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The cohesive energy of a solid is the (average) energy required to isolate the atoms of a solid, which means it's given by the difference between by the energy of solid and the energy of the isolated atoms. I assume in this context by "energy of the atoms" we mean the total binding energy of the electrons to the nuclei, while "energy of the solid" is the sum of the kinetic energy of the electrons, the binding energy of the electrons to the lattice, the energy of lattice vibrations/phonons and the binding energy of the atoms with respect to other atoms.

I have a few questions on the definition of cohesive energy itself: since the (average) kinetic energy of electrons depends on the temperature of the solid, does this mean cohesive energy depends on temperature as well?

How does one compute the contribution to the cohesive energy knowing only the electron hamiltonian and the primitive vectors of the lattice?

This last question is part of an exercise I've been trying to solve without much success. In this exercise we consider a tight-binding hamiltonian with atomic binding energy $E_0$ e hopping energy $V$ such that:

$ H = -E_0\sum_n|n><n| - V\sum_n|n+1><n| + |n><n+1|$

and $a$ is the distance between an atom and the next.

One then solves the Schrodinger equation using Block sums as ansats to find that there is one band:

$E(k) = -E_0 - 2V\cos(ka)$

From which one derives the density of states:

$ D(E) = 2\sum_k\delta(E(k) - E) \propto \frac{1}{\sqrt{1 - \big(\frac{E + E_0}{2V}\big)^2}} $

and the Fermi Energy and wavevector:

$ k_F = \frac{\pi}{2a} \qquad E_F = E(k_F) = -E_0 $

(Is it then correct to say that the Fermi temperature is $T_F = E_0/k_B$ or is it not well defined in this case? Should the Fermi energy be calculated with respect to $-2V$? I've only seen this temperature calculated in the free electron model and it doesn't seem to make as much sense in this case.)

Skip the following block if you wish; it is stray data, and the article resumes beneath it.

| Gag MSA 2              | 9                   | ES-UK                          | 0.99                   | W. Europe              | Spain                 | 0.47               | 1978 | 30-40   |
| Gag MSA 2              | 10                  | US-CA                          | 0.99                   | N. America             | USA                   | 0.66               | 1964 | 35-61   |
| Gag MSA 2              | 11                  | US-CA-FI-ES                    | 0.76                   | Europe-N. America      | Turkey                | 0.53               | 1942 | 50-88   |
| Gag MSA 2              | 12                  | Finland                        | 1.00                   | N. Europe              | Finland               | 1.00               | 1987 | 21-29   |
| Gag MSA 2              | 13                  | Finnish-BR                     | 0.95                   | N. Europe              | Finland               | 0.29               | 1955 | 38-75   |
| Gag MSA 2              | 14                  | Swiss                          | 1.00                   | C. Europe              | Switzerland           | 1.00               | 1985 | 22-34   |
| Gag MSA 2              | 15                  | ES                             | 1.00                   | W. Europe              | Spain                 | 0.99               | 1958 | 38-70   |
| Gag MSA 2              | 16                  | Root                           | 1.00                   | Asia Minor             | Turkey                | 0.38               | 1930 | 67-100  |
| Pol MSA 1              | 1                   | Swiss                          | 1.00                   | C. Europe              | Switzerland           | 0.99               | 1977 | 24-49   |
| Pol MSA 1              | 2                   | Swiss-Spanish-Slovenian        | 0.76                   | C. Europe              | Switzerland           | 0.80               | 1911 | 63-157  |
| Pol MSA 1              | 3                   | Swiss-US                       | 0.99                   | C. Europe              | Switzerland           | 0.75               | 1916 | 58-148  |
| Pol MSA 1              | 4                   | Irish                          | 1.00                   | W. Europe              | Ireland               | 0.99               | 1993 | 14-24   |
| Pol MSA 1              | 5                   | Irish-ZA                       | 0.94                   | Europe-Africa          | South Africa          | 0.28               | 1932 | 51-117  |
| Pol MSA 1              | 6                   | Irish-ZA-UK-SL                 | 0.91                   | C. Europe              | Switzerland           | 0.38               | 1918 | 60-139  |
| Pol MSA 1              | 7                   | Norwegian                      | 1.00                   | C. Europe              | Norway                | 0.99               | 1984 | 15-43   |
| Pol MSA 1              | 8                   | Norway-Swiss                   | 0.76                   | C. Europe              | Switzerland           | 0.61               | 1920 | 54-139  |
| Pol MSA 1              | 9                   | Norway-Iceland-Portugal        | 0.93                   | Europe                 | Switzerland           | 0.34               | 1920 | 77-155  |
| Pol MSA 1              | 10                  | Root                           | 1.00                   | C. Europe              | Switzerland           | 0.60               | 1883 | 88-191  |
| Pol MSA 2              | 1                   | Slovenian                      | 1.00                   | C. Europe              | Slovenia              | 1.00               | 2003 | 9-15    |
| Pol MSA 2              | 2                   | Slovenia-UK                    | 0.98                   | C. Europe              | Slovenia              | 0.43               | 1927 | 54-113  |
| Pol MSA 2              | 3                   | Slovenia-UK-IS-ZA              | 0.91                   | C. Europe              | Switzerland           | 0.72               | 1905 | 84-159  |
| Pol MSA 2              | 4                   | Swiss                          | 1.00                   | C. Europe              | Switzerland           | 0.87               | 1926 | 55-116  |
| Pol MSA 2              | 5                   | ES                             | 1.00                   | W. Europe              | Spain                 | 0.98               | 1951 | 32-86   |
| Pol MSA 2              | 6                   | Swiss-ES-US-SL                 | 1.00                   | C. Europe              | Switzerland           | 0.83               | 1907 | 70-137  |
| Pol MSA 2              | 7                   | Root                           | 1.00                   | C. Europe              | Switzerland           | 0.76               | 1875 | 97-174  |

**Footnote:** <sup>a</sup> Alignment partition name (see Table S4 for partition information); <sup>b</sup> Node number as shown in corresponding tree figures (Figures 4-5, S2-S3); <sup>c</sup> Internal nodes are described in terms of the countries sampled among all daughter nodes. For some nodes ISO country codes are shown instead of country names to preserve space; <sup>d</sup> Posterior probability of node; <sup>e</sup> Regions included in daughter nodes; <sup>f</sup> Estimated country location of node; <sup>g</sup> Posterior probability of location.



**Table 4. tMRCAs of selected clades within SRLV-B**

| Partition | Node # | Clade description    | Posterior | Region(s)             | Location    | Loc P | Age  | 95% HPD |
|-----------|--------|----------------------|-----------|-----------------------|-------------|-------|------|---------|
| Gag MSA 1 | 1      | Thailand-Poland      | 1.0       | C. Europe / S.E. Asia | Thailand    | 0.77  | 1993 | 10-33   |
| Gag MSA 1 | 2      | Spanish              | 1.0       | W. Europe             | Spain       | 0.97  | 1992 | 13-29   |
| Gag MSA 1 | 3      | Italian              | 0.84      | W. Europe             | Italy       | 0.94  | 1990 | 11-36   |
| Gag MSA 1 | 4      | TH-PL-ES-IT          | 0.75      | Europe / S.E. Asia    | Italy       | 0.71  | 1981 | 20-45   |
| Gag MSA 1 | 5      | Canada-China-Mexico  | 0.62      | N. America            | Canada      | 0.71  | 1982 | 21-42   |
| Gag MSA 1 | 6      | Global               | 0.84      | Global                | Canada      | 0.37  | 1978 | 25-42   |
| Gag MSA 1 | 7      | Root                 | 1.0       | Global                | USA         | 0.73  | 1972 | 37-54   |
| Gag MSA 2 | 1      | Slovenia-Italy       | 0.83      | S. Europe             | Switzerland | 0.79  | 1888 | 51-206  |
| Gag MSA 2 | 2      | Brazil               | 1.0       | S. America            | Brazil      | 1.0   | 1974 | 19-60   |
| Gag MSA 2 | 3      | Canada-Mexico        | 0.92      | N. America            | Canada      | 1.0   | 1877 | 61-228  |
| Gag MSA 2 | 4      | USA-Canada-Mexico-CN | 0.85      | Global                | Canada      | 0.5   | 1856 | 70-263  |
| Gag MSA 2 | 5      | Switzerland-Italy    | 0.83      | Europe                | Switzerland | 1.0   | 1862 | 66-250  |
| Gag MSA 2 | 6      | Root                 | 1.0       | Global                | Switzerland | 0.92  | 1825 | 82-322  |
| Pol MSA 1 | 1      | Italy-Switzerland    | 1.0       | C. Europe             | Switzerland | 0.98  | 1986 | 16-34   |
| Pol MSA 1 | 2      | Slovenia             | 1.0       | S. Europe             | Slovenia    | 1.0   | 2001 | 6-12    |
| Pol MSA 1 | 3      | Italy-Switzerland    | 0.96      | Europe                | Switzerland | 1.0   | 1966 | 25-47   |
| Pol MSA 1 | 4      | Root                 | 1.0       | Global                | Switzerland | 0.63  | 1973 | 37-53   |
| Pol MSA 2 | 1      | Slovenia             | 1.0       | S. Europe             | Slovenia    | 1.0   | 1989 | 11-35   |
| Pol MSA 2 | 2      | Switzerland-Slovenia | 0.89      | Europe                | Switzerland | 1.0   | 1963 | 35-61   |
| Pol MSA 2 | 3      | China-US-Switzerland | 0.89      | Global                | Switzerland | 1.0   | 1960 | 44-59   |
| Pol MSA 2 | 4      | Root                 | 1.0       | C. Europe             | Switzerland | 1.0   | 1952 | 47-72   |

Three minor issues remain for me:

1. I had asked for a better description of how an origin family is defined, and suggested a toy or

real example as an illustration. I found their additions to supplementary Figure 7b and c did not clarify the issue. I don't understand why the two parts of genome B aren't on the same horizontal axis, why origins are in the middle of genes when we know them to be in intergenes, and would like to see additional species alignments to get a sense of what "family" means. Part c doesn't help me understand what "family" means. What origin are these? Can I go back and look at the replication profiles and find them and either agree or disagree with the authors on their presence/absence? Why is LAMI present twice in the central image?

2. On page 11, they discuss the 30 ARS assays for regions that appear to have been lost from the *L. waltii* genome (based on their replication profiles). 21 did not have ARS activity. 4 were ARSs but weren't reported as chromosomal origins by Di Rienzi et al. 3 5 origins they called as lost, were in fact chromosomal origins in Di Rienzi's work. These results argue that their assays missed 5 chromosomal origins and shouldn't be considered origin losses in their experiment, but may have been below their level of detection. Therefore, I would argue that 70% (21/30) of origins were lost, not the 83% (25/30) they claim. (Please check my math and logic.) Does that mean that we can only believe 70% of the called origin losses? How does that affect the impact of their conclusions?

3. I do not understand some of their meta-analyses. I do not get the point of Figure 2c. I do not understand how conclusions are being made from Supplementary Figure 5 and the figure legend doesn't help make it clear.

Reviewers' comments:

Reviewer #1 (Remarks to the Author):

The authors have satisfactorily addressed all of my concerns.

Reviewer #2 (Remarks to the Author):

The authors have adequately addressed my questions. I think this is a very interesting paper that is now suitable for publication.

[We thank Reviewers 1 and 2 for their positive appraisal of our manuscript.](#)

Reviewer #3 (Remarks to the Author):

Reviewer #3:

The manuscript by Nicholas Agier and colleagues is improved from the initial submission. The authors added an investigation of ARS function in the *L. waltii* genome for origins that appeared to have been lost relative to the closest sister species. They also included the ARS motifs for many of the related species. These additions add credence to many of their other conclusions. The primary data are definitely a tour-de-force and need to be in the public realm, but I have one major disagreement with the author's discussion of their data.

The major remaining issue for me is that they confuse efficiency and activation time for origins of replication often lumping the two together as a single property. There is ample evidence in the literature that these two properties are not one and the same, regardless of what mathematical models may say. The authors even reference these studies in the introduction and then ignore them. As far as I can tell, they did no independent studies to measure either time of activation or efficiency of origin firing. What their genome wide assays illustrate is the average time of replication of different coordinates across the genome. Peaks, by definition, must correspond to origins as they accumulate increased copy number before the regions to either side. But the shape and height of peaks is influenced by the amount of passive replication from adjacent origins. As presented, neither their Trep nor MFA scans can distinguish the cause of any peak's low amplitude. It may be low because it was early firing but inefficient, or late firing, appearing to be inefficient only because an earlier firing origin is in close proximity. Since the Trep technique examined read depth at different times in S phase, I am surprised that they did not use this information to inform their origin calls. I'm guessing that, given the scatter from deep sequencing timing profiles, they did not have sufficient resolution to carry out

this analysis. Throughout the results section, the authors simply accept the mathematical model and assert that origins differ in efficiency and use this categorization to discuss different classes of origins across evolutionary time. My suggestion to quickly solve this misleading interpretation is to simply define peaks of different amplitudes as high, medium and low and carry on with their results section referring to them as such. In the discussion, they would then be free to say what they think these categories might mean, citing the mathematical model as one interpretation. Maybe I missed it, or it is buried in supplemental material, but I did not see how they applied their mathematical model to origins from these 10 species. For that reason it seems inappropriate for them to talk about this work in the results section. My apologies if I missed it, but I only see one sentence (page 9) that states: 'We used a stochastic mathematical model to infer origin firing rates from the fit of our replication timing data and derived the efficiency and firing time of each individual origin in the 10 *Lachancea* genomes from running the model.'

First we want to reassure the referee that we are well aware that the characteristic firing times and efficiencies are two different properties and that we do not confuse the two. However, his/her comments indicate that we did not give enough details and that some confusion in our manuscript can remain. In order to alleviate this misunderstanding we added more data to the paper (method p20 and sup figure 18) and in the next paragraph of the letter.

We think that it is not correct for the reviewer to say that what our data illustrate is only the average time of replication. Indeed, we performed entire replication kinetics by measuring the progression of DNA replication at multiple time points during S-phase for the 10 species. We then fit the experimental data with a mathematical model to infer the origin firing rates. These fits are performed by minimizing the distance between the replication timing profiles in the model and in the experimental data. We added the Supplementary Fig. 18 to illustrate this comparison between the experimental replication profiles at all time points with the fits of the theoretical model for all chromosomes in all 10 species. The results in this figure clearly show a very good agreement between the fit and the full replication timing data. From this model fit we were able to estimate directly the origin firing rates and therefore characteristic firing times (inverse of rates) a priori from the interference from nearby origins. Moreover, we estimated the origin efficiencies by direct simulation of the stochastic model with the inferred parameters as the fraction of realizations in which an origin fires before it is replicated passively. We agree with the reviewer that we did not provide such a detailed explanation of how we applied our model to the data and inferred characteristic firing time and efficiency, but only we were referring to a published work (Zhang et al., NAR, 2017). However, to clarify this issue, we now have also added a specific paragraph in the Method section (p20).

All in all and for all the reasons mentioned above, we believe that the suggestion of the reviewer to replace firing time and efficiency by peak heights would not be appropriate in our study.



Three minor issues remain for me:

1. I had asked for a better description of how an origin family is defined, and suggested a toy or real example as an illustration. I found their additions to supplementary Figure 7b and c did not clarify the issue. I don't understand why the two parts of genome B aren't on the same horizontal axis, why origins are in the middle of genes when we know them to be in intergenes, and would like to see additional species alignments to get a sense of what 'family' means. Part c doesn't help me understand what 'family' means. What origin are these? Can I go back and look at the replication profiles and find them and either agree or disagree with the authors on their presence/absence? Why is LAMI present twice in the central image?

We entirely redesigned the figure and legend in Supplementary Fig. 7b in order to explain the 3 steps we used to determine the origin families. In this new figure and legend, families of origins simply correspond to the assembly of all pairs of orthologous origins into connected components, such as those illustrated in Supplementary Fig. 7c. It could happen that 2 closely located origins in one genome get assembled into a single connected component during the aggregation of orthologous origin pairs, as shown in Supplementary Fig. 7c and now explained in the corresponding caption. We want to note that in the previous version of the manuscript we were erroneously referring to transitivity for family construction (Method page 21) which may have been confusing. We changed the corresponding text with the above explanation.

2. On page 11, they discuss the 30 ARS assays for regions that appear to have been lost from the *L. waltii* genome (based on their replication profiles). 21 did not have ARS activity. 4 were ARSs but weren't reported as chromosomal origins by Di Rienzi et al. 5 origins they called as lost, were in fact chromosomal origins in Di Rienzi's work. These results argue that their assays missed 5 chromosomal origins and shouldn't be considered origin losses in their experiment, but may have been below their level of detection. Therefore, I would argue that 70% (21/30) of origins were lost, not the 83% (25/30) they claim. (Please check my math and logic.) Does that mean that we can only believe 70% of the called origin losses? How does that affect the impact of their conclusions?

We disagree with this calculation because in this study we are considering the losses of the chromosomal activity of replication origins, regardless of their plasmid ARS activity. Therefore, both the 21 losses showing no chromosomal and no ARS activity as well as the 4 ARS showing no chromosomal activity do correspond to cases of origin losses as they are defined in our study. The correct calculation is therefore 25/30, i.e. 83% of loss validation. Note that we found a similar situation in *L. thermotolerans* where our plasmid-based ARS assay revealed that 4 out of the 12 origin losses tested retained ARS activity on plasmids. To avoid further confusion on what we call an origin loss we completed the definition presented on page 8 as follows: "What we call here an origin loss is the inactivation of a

I've looked up various exercises with solutions to see how to approach the problem using the given information but I've trouble making sense of it all. One approach I've seen used Lennard-Jones-type potentials, which requires the equilibrium distance $r_0$, which is not given to me in the exercise and I believe is an appropriate approach only in Ionic Crystals (correct if I'm wrong).

Another approach calculated the cohesive energy (again, the contribution due to electrons) as the average energy at $0K$ (the exercise did not explicit say this, but I thought this part was clear based on the expression alone, maybe it can be interpreted differently).

$ (E_{coh})_{el} = \int_{-E_0 - 2V}^{E_F} ED(E) dE $

However this brings me back to my first question, shouldn't cohesive energy depend on the temperature since it should take into account the kinetic energy of the electrons? Or is this energy excluded?

I'm sorry if the text was a bit confusing, I'm not a native speaker, if anything is not clear I will try to explain it better. Thanks for any help, even a resource (book, pdf) where this is explained in detail would be helpful.

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I think you're right, in the general case we should consider temperatures, but that is a matter of definition and I think cohesive energy is defined for zero temperature. In this particular case, I will try to answer your questions for $T=0$.